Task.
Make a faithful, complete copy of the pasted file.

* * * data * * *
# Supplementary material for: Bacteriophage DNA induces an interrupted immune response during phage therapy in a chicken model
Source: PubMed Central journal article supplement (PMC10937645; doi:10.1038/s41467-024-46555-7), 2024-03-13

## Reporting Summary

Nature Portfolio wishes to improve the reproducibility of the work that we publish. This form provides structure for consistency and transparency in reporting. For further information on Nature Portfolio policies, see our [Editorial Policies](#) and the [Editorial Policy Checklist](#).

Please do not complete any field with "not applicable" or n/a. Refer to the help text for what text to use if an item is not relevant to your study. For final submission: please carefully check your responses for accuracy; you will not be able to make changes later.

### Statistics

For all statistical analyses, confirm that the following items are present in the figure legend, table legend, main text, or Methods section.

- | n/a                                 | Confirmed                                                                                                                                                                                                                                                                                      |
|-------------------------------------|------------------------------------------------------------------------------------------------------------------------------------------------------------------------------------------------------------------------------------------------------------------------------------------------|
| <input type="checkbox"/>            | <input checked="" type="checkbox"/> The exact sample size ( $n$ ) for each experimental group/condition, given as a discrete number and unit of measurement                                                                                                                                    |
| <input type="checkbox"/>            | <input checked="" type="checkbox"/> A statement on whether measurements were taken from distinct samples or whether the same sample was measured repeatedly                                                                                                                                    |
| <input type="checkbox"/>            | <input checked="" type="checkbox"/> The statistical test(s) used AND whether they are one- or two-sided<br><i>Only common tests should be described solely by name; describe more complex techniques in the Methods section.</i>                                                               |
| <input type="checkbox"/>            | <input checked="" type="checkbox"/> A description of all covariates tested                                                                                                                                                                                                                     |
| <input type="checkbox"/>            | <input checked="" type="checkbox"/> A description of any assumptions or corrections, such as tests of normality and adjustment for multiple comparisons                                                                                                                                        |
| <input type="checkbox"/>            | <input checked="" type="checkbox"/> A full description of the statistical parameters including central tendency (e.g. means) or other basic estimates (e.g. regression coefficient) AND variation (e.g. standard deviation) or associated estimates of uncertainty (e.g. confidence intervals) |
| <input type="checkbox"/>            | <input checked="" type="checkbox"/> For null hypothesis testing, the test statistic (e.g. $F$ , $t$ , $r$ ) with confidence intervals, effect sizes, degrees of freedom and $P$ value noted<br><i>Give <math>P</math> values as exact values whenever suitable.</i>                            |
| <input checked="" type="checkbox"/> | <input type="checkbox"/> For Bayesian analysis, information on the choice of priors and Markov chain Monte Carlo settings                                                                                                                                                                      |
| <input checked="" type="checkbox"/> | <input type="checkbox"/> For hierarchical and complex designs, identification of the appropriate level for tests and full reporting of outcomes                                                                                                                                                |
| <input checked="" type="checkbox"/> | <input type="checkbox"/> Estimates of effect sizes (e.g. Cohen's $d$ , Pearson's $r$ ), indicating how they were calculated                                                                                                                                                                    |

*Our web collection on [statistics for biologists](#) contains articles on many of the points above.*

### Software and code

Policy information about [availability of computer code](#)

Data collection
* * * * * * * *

# Supplementary material for: Bacteriophage DNA induces an interrupted immune response during phage therapy in a chicken model
Source: PubMed Central journal article supplement (PMC10937645; doi:10.1038/s41467-024-46555-7), 2024-03-13

## Reporting Summary

Nature Portfolio wishes to improve the reproducibility of the work that we publish. This form provides structure for consistency and transparency in reporting. For further information on Nature Portfolio policies, see our [Editorial Policies](#) and the [Editorial Policy Checklist](#).

Please do not complete any field with "not applicable" or n/a. Refer to the help text for what text to use if an item is not relevant to your study. For final submission: please carefully check your responses for accuracy; you will not be able to make changes later.

### Statistics

For all statistical analyses, confirm that the following items are present in the figure legend, table legend, main text, or Methods section.

- | n/a                                 | Confirmed                                                                                                                                                                                                                                                                                      |
|-------------------------------------|------------------------------------------------------------------------------------------------------------------------------------------------------------------------------------------------------------------------------------------------------------------------------------------------|
| <input type="checkbox"/>            | <input checked="" type="checkbox"/> The exact sample size ( $n$ ) for each experimental group/condition, given as a discrete number and unit of measurement                                                                                                                                    |
| <input type="checkbox"/>            | <input checked="" type="checkbox"/> A statement on whether measurements were taken from distinct samples or whether the same sample was measured repeatedly                                                                                                                                    |
| <input type="checkbox"/>            | <input checked="" type="checkbox"/> The statistical test(s) used AND whether they are one- or two-sided<br><i>Only common tests should be described solely by name; describe more complex techniques in the Methods section.</i>                                                               |
| <input type="checkbox"/>            | <input checked="" type="checkbox"/> A description of all covariates tested                                                                                                                                                                                                                     |
| <input type="checkbox"/>            | <input checked="" type="checkbox"/> A description of any assumptions or corrections, such as tests of normality and adjustment for multiple comparisons                                                                                                                                        |
| <input type="checkbox"/>            | <input checked="" type="checkbox"/> A full description of the statistical parameters including central tendency (e.g. means) or other basic estimates (e.g. regression coefficient) AND variation (e.g. standard deviation) or associated estimates of uncertainty (e.g. confidence intervals) |
| <input type="checkbox"/>            | <input checked="" type="checkbox"/> For null hypothesis testing, the test statistic (e.g. $F$ , $t$ , $r$ ) with confidence intervals, effect sizes, degrees of freedom and $P$ value noted<br><i>Give <math>P</math> values as exact values whenever suitable.</i>                            |
| <input checked="" type="checkbox"/> | <input type="checkbox"/> For Bayesian analysis, information on the choice of priors and Markov chain Monte Carlo settings                                                                                                                                                                      |
| <input checked="" type="checkbox"/> | <input type="checkbox"/> For hierarchical and complex designs, identification of the appropriate level for tests and full reporting of outcomes                                                                                                                                                |
| <input checked="" type="checkbox"/> | <input type="checkbox"/> Estimates of effect sizes (e.g. Cohen's $d$ , Pearson's $r$ ), indicating how they were calculated                                                                                                                                                                    |

*Our web collection on [statistics for biologists](#) contains articles on many of the points above.*

### Software and code

Policy information about [availability of computer code](#)

Data collection